Kubbra Sait talks about turning a writer with ‘Open Book: Not Quite A Memoir’

Kubbra Sait.

Kubbra Sait. | Photo Credit: Special Arrangement

Though she is not explicit about it, Kubbra Sait seems like an optimist. She chooses to see the spot of light, however tiny that may be, at the end of a tunnel than be gripped by darkness. When I call her to discuss about her ironically titled memoir, Open Book: Not Quite A Memoir (Harper Collins), she is in Udaipur, Rajasthan, nursing a twisted elbow that resulted from from an accident. She is unsure if she should head back home to Mumbai to recover or wait longer. She is guilty for having stalled the shoot. Yet, despite the mishap, she chooses to focus on the “special feeling” of having written a book (which released earlier this week).

“I am excited and happy. I am also feeling nervous about doing something for the first time,” she says, “Few people who have read the book called it honest.”

Even the manner in which this book was conceived reflects a sense of optimism. Kubbra was stuck indoors, like most people , during the pandemic. The people she followed online were either making banana bread or dalgona coffee. “I was happy with Americano. I tried baking the bread. But it wasn’t adding purpose to my life.”

Everything seemed uncertain. “Most people weren’t sure if they were going to make it through the pandemic, right? So, if I had to die, I realised I had a story to tell before that.”

After deciding to write a book, she promptly asked her literary agent for a ghostwriter because she thought that was how all memoirs were written. But her literary agent, who had read some of her autobiographical nuggets on Kommune, an artists’ collective, advised her to write on her own.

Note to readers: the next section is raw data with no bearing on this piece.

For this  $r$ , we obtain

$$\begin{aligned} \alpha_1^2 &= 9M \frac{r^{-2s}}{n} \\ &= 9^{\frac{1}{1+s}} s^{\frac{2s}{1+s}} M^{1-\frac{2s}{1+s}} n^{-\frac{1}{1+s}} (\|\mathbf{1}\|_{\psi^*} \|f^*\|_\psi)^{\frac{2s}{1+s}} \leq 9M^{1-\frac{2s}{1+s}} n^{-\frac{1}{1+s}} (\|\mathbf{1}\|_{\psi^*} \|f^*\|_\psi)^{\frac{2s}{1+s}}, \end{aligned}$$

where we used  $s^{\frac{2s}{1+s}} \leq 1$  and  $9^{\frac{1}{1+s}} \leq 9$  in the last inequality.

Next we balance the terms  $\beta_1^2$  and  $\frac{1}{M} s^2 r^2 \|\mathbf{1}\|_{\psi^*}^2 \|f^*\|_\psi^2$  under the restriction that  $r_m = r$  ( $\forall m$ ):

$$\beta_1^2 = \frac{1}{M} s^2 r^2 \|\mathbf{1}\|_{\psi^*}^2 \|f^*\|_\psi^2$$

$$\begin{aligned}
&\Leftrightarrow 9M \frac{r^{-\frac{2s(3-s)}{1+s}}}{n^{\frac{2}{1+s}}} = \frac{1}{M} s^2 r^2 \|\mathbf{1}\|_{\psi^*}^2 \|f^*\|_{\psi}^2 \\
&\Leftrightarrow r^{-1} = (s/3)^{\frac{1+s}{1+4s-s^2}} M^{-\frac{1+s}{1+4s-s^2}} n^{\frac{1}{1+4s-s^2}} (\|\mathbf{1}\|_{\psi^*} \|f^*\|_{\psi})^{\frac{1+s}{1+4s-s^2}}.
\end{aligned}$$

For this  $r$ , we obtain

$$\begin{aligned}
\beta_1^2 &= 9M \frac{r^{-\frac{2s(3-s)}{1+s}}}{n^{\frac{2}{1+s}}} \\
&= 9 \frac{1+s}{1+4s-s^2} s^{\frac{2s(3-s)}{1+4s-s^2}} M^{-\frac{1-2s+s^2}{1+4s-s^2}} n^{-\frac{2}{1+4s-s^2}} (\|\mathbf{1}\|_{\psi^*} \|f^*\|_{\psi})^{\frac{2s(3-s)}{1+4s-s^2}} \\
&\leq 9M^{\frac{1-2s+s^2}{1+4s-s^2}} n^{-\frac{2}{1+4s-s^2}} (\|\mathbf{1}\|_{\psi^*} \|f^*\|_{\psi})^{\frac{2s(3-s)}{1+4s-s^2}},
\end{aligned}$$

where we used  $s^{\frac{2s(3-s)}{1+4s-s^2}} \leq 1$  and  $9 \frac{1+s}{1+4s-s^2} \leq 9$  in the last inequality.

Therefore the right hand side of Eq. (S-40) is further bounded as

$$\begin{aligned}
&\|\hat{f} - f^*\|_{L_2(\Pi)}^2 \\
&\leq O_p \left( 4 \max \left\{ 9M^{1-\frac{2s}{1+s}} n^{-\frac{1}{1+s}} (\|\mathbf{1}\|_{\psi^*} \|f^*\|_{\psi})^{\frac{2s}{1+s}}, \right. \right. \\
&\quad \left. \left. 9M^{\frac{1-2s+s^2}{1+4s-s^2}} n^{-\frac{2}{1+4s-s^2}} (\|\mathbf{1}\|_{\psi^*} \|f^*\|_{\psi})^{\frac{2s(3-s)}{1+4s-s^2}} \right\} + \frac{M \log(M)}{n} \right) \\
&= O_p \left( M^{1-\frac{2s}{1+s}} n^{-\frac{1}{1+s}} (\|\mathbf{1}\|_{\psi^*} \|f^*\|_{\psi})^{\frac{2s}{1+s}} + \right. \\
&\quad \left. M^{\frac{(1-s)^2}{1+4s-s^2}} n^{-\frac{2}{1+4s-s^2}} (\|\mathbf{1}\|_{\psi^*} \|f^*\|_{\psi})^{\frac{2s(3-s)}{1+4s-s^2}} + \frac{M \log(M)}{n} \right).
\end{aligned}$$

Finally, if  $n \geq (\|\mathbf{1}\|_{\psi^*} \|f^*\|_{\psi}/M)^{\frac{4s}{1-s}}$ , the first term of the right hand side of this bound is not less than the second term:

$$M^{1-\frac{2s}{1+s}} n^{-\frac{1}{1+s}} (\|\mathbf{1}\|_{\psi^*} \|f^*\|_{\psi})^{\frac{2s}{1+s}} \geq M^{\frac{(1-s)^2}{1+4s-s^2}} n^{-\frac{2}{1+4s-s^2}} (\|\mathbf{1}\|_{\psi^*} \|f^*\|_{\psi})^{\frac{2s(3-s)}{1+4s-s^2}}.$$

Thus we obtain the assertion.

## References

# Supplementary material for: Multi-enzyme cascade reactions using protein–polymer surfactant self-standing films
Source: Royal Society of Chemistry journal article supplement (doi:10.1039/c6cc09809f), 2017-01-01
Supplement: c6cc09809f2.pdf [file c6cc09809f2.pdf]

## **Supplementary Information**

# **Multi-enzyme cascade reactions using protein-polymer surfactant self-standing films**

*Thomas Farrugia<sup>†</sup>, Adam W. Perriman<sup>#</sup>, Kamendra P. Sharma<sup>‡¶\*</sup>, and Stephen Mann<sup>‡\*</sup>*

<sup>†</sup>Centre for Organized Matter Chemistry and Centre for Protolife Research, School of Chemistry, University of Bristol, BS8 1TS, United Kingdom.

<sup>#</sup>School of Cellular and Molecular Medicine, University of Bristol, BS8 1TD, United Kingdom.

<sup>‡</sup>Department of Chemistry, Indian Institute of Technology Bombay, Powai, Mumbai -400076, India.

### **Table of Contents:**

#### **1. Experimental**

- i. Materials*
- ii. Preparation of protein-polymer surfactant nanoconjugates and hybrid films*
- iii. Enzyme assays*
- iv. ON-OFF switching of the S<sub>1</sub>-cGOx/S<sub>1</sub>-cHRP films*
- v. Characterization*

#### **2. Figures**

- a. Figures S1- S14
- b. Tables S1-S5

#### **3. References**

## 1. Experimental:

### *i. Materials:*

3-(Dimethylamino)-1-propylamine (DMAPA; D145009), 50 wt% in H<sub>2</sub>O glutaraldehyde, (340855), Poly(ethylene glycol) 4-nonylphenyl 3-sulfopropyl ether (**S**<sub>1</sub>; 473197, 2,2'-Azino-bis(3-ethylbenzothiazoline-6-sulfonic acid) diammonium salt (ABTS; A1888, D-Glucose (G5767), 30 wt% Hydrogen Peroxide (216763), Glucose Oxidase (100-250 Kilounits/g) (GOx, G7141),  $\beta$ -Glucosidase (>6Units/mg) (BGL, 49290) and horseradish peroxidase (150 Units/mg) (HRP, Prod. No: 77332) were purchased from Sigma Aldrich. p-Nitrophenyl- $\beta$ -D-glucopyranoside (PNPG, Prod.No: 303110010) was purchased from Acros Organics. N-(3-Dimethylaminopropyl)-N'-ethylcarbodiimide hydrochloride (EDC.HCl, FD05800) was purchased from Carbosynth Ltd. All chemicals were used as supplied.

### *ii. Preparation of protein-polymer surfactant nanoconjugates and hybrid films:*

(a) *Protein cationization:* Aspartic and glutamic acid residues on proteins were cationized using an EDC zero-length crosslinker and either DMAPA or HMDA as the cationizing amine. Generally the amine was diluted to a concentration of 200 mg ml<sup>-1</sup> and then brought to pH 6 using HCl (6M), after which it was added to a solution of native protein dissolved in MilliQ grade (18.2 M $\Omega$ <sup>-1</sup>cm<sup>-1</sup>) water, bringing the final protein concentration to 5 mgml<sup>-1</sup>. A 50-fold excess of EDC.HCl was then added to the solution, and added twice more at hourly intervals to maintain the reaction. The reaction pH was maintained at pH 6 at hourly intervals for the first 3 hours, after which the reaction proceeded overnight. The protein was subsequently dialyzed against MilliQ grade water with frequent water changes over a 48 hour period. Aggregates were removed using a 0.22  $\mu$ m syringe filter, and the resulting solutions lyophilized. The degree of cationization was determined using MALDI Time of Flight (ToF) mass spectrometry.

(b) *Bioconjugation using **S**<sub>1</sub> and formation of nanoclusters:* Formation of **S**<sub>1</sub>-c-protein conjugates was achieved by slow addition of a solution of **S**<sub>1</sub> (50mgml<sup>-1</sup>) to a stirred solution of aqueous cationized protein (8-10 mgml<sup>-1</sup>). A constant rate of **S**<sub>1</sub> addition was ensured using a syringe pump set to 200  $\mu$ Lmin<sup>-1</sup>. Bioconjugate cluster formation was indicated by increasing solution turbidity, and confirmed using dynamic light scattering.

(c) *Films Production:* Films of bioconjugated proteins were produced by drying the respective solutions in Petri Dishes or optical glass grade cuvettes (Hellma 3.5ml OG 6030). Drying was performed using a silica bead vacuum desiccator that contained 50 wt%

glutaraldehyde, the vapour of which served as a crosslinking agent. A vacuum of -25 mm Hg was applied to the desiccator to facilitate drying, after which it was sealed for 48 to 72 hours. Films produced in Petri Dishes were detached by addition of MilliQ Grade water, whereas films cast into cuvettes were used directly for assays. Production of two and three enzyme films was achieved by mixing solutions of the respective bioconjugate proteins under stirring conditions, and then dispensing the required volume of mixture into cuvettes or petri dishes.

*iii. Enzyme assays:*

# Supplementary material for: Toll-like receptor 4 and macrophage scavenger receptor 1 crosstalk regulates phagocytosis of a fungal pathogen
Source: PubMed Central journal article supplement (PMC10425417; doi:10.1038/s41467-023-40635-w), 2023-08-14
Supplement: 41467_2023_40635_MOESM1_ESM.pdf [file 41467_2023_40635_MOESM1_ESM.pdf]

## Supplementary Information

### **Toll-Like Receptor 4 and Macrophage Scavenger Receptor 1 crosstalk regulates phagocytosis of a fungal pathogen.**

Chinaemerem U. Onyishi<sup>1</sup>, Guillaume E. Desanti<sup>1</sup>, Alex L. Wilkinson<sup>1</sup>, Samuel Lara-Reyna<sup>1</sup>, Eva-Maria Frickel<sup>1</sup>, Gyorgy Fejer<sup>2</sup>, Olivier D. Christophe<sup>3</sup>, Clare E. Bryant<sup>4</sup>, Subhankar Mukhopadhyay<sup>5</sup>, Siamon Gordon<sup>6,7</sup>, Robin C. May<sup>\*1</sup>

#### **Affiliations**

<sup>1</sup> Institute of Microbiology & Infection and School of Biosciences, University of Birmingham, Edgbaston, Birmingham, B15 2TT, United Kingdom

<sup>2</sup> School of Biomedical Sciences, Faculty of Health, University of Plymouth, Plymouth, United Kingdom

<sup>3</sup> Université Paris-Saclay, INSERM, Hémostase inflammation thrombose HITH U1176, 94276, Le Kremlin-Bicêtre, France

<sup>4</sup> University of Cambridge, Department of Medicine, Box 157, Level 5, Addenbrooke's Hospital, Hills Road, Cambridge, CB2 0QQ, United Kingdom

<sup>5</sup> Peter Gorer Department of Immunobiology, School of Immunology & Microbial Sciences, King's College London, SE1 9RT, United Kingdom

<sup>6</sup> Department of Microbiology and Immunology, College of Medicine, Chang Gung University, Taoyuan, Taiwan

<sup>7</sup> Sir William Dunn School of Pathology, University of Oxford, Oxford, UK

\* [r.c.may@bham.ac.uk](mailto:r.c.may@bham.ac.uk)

“I wrote the first few lines about my teeth. About how don’t have wisdom teeth at all. I don’t even have the roots for them. So, I wrote, ‘Whatever you are going to read in this book are the unwise decisions I took in my life.’ When I sent this to Harper Collins, they were happy.”

Kubbra writes about some of the darkest moments of her life including the bullying she faced in school and being sexually abused by an acquaintance. “But when recalling these incidents was hard, I wrote about something else and returned when I felt more comfortable to write about them. I knew that nobody was forcing me to write. I wanted to tell my story.”

The advice she received from Kommune also helped. “They told me, ‘Don’t ever tell a story when you aren’t over it.’ When you are dealing with the story, you will always have strong emotions attached to it. And, you don’t want your readers to go through the same emotions you are going through. They need to be free to make their decisions of how they feel about your story. So, I remembered that even while writing some of the hardest chapters of the book.”

The excerpt from the book is about the abuse she went through. Kubbra clarifies that, that is not what the entire book is about. “That might give people the feeling that things are doomed forever. But if you read the whole book, you know there is always a chance to turn things around — but that is only possible when you take things into your own hands.”

There aren’t many memoirs of mid-career artistes in India. Those of female artists are rarer. Priyanka Chopra’s Unfinished, which Kubbra liked, is among the handful. “Somehow there is this unwritten rule that you have to write a memoir only when you are about to hit the grave. I don’t believe that. I think I have lived and am living so many different lives within this lifetime and it is worth sharing now. I didn’t write this because I had a point to prove. I just had a story to tell. And, that was a good enough reason.” 

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Printable version | Jul 6, 2022 9:43:14 pm |